The US dollar is the traditional safe haven currency during times of geopolitical or financial stress even when the cause of a risk aversion spasm is ultimately American, such as the failure of Lehman Brothers in 2008, Obama’s epic budget battles with the Republicans in 2011 and the Trump White House’s drone hit on Iran’s most revered Revolutionary Guard commander on 3 January 2020. Strangely enough, this is not the case with the coronavirus panic that triggered Wall Street’s most vicious weekly sell off since 2008 and sent the Volatility Index (VIX) to as high as 49, above its level even at the depth of the 2009 global recession.
Even though Germany (one third of the Eurozone economy) is in de facto industrial recession, the German Health Minister warned his peers about an imminent Covid-19 epidemic and stock exchanges in Frankfurt, Paris, Milan, Madrid and Amsterdam had their worst selloff since the 2012 Greek/Cyprus sovereign debt crises, the Euro actually rallied 1.5% to close at 1.1025 against the US dollar even as spasm of risk aversion on Wall Street escalated all week. Warum/pour-quoi/why?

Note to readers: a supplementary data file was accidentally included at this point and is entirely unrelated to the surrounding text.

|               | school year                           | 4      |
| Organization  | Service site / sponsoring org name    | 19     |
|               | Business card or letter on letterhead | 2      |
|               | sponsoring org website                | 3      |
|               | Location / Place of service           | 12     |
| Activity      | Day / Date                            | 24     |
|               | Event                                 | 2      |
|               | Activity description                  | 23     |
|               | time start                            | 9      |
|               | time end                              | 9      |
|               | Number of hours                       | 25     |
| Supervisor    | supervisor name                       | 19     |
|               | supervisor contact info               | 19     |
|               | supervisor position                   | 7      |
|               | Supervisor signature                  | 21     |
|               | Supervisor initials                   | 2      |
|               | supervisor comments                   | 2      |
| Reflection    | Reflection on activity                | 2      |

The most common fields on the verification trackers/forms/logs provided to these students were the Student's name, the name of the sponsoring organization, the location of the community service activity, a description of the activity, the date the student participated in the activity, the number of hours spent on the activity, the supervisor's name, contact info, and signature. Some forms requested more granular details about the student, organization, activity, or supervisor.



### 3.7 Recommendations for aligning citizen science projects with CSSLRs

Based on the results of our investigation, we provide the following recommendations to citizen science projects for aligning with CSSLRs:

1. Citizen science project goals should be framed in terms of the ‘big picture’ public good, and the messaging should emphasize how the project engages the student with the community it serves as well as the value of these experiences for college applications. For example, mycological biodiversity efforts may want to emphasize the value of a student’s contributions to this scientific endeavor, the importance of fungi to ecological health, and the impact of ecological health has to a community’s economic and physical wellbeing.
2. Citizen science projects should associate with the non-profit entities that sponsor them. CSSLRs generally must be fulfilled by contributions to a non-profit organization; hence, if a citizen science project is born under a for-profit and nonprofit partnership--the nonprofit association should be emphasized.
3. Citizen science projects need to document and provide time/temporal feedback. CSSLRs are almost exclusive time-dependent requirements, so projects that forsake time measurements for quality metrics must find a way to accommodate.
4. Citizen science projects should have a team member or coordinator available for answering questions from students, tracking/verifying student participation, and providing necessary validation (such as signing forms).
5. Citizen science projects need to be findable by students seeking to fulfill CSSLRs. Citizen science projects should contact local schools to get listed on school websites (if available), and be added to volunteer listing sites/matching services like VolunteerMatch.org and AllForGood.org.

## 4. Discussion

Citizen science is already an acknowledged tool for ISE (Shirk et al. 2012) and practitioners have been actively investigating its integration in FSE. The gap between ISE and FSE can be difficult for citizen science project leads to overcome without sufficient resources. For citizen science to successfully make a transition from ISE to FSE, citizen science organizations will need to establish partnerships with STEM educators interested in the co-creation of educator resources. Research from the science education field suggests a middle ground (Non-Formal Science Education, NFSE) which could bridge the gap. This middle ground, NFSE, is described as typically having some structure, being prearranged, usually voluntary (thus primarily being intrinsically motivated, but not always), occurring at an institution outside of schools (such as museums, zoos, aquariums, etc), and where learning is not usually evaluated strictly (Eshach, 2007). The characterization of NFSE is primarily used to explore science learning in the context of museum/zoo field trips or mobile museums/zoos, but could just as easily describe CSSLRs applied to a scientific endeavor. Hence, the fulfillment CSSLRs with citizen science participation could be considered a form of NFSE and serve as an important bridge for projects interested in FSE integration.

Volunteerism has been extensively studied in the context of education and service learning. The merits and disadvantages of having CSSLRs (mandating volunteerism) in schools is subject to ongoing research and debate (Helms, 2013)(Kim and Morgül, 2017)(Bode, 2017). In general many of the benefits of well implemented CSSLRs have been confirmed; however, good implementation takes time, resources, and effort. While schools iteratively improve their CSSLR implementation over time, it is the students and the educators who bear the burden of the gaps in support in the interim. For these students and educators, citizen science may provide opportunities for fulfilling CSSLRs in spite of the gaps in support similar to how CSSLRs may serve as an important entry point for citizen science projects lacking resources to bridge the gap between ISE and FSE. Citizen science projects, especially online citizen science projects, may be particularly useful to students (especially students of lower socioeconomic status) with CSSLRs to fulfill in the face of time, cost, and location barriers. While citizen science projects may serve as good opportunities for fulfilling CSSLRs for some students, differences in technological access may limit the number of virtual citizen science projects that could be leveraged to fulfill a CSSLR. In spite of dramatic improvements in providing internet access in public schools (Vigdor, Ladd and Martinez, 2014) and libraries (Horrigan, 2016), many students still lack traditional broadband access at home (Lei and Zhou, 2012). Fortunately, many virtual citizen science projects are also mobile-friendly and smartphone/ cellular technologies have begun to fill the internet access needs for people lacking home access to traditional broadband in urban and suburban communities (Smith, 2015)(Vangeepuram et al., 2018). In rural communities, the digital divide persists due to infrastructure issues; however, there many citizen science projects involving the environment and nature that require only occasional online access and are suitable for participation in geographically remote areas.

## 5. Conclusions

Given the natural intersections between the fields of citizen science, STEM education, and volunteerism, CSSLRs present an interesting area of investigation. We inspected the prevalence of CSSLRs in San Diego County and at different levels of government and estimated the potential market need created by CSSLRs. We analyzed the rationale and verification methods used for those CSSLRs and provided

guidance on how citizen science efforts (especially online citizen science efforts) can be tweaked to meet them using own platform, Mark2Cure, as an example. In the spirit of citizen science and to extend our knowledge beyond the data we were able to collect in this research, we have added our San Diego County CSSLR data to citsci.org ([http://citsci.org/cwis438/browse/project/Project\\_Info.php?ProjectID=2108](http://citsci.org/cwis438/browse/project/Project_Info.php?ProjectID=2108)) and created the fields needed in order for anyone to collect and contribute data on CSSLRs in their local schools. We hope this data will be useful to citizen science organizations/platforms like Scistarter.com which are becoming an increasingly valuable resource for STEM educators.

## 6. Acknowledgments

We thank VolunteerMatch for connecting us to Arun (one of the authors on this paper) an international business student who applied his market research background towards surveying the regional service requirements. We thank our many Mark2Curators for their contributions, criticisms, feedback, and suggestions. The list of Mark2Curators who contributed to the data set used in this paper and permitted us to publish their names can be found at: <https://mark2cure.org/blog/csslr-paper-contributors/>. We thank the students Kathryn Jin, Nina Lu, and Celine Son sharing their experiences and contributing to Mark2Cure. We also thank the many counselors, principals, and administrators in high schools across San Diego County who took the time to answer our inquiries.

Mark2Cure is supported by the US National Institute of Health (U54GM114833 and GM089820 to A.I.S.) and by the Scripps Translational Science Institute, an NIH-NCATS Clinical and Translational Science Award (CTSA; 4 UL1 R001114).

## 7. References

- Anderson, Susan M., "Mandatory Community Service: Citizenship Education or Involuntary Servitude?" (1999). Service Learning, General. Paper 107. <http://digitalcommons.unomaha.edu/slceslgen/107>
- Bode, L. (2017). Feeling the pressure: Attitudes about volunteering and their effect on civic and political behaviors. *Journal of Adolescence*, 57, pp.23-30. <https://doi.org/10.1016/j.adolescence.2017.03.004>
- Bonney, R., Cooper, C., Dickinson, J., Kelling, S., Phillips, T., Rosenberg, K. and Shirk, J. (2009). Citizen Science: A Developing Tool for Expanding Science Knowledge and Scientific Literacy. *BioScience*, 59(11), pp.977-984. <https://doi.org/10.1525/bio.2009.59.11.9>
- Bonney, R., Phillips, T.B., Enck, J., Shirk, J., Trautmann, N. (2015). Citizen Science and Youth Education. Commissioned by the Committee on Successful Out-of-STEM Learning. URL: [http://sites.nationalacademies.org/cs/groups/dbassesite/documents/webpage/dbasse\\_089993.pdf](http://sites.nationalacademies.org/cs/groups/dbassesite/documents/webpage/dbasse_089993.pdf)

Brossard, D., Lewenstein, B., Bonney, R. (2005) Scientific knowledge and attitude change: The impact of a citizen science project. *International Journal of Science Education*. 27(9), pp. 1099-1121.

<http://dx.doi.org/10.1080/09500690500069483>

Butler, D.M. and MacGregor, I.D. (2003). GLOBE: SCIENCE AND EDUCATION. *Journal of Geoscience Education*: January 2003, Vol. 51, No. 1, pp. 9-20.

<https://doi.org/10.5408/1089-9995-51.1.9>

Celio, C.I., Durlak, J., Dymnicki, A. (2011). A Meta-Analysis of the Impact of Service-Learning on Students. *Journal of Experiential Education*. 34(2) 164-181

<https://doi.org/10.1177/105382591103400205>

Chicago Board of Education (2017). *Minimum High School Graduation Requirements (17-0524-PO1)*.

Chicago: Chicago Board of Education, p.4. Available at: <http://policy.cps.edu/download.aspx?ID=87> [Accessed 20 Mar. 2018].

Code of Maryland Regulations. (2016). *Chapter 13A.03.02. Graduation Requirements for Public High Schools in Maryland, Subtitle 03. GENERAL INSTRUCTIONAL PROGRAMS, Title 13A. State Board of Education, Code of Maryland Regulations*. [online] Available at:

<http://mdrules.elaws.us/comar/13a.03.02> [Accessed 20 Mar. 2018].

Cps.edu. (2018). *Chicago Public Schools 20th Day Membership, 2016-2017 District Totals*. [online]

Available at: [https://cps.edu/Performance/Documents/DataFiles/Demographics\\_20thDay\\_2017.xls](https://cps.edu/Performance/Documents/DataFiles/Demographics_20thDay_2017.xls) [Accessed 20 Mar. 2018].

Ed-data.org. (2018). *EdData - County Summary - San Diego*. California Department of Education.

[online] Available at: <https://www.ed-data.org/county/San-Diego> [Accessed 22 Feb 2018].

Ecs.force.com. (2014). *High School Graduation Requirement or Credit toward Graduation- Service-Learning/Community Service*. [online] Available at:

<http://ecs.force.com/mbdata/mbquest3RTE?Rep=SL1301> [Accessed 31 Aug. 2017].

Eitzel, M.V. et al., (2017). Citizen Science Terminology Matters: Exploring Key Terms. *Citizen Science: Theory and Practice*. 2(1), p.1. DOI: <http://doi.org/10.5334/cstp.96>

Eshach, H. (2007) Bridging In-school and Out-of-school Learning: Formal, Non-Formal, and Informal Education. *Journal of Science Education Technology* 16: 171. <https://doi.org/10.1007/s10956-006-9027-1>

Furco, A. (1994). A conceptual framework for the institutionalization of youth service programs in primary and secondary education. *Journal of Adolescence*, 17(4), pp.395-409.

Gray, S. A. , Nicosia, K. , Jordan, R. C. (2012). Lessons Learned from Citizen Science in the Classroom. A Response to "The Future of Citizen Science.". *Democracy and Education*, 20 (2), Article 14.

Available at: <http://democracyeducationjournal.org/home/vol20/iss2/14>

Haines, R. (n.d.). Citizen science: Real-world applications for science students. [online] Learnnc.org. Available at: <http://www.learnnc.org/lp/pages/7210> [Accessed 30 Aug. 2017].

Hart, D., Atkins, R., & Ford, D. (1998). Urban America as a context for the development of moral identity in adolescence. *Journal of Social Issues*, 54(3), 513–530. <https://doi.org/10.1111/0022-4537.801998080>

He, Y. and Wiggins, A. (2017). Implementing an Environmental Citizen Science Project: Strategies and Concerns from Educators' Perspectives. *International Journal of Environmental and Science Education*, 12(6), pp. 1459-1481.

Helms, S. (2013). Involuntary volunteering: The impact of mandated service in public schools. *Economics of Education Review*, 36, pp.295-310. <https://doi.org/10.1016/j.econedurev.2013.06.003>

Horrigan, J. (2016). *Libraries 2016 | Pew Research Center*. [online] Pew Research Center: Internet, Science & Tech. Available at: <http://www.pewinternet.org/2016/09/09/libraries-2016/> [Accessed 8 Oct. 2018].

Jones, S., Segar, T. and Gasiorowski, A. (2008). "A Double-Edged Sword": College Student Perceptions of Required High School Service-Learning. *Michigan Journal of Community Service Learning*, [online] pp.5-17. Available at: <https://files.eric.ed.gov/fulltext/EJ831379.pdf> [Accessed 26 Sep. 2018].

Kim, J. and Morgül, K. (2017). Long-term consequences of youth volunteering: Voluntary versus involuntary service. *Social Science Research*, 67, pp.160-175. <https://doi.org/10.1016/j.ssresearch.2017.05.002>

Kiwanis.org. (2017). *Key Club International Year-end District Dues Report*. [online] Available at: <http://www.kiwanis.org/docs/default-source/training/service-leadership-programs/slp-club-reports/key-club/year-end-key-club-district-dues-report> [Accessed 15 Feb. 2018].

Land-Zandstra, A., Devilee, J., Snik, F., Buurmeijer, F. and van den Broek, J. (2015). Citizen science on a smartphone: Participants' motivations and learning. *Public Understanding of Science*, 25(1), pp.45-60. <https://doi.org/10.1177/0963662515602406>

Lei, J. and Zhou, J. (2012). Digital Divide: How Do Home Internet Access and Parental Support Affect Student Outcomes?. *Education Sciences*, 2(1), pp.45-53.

The proximate cause for the Euro’s strength is its extensive role \as a funding currency in FX carry trades since it is cheaper to short than the Japanese yen and has a higher depreciation slope than the Swiss franc. As traders unwound their long Indian rupee or Russian rouble bets financed with the single currency, a short covering bid in the Euro catapulted it above 1.1000 in late New York trading. It did not hurt that OECD purchasing power parity models suggest that the Euro is 28% undervalued against the US dollar and that Europe is a net supplier, not net recipient, of capital flows in global finance. Yet I believe it is premature to bet on a sustained Euro uptrend, though I never argue with the sacred “trend is your friend until the trend comes to an end” motto of short term, tactical trading momentum so beloved by my tribe of currency gnomes.